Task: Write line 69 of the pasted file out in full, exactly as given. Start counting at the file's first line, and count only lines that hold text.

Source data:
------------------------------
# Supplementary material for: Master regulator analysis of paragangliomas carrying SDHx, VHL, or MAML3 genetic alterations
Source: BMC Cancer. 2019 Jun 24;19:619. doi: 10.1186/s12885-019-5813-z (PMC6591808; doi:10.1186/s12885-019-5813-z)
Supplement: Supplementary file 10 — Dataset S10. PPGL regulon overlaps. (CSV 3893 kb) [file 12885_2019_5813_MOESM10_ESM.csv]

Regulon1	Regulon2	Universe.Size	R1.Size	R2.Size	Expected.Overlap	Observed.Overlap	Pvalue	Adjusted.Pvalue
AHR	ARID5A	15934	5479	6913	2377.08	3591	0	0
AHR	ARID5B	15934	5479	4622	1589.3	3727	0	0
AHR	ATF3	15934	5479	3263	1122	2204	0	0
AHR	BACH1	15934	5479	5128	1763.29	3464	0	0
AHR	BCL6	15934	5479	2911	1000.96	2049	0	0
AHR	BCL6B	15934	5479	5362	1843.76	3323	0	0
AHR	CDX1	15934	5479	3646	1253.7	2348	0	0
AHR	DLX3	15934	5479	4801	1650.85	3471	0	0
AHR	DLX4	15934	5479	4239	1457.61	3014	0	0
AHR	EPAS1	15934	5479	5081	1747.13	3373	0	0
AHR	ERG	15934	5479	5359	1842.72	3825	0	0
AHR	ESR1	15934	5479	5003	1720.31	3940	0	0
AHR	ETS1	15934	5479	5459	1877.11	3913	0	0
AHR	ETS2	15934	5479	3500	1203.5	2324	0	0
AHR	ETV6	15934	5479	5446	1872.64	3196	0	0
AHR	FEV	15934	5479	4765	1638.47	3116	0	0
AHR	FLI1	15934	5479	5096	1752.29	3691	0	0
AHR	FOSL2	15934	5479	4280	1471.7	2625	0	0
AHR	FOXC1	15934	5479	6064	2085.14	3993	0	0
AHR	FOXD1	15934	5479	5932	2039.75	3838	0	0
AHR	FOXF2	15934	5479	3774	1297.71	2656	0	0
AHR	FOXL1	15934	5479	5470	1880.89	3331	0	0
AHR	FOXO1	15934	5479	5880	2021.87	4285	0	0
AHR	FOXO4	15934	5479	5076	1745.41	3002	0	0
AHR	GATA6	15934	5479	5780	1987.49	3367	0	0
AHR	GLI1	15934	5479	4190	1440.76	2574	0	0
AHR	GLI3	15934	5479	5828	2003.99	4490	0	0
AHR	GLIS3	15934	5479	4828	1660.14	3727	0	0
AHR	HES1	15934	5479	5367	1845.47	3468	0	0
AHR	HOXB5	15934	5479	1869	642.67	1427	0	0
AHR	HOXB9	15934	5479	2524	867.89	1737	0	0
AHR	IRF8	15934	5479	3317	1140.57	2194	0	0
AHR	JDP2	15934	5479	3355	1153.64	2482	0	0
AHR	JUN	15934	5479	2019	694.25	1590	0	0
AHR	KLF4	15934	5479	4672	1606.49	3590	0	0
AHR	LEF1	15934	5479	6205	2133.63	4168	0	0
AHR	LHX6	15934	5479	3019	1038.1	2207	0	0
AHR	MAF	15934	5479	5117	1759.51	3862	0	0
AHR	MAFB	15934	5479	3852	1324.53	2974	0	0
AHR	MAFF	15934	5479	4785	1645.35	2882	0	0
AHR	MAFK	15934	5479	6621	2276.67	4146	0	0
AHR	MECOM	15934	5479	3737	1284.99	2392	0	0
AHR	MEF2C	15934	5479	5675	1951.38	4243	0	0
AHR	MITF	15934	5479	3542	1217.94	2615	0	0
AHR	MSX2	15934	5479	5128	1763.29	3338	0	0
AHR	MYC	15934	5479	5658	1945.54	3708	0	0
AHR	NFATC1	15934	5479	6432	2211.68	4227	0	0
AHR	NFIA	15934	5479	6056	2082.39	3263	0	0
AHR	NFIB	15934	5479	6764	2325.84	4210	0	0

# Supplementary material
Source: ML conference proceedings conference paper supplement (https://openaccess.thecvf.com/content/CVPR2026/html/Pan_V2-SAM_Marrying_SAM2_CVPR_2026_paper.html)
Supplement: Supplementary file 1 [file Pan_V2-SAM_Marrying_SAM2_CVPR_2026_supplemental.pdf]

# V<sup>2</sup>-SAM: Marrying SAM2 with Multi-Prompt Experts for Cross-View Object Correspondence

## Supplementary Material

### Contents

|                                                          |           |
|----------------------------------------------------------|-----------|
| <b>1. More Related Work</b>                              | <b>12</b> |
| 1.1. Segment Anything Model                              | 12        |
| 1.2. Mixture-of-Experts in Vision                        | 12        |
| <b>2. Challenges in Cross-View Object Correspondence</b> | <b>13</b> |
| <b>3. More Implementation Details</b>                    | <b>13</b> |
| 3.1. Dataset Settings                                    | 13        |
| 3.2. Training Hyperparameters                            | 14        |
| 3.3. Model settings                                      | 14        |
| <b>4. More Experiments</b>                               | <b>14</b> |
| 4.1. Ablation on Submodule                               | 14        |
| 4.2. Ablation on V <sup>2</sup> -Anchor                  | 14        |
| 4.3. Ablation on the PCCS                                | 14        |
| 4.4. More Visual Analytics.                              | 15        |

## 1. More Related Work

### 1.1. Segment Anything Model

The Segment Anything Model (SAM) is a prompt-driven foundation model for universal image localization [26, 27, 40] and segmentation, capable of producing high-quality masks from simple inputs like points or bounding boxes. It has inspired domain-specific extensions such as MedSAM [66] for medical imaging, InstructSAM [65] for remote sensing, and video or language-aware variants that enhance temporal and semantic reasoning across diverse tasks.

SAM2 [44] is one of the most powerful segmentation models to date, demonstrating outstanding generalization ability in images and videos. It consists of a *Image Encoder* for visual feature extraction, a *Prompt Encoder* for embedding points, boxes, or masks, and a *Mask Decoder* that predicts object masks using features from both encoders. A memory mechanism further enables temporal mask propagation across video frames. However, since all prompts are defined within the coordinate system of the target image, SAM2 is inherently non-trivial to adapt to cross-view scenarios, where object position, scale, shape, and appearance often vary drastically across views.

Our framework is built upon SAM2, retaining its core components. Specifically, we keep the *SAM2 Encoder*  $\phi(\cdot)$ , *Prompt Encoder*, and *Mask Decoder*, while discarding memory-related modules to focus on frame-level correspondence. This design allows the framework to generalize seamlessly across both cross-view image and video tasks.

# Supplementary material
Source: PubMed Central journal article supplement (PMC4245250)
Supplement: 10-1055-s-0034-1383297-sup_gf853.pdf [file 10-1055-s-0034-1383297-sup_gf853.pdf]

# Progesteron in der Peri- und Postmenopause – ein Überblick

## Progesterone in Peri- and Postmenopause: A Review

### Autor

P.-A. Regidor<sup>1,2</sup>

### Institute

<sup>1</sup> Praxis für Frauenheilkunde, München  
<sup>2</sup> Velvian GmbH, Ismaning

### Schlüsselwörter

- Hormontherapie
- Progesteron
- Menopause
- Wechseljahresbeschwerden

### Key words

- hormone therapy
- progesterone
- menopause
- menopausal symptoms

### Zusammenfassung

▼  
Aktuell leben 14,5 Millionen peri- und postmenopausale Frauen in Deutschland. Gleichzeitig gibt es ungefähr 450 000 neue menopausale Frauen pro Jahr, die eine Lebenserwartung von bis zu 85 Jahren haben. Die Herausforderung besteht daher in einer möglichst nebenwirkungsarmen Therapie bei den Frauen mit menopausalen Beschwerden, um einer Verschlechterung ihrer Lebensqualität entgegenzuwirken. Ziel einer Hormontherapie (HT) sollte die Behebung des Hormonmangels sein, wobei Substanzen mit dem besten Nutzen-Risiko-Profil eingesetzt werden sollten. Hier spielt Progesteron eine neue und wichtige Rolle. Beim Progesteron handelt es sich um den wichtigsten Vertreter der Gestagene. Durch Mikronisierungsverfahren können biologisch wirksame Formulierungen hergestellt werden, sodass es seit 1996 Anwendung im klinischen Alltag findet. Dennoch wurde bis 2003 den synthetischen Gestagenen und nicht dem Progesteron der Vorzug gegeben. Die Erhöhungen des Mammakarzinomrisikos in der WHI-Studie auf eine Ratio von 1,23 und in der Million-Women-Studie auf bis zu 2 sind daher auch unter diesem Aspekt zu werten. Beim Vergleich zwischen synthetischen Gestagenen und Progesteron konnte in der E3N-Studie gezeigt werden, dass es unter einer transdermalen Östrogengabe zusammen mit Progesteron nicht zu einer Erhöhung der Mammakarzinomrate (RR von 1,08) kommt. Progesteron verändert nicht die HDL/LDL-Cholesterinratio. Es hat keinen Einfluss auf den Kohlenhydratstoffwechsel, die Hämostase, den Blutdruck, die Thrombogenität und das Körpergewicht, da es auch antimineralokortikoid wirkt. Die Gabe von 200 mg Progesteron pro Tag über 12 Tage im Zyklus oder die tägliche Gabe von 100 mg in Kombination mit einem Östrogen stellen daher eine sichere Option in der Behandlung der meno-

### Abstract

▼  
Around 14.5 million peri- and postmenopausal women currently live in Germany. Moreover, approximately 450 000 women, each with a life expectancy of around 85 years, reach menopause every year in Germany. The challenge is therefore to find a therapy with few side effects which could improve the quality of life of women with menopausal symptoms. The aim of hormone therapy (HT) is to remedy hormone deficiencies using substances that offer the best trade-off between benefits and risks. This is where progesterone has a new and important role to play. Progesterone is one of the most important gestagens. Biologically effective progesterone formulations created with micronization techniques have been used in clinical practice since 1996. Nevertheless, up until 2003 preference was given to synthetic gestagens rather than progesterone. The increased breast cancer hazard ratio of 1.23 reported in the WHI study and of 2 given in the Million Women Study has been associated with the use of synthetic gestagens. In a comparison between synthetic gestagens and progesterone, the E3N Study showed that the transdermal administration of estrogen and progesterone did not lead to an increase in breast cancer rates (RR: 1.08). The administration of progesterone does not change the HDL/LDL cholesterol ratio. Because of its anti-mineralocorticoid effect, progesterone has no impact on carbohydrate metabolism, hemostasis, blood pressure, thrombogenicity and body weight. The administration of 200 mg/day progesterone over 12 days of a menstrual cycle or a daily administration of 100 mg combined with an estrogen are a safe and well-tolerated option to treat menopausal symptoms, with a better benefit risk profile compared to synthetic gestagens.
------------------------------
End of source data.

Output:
| 3.3. Model settings                                      | 14        |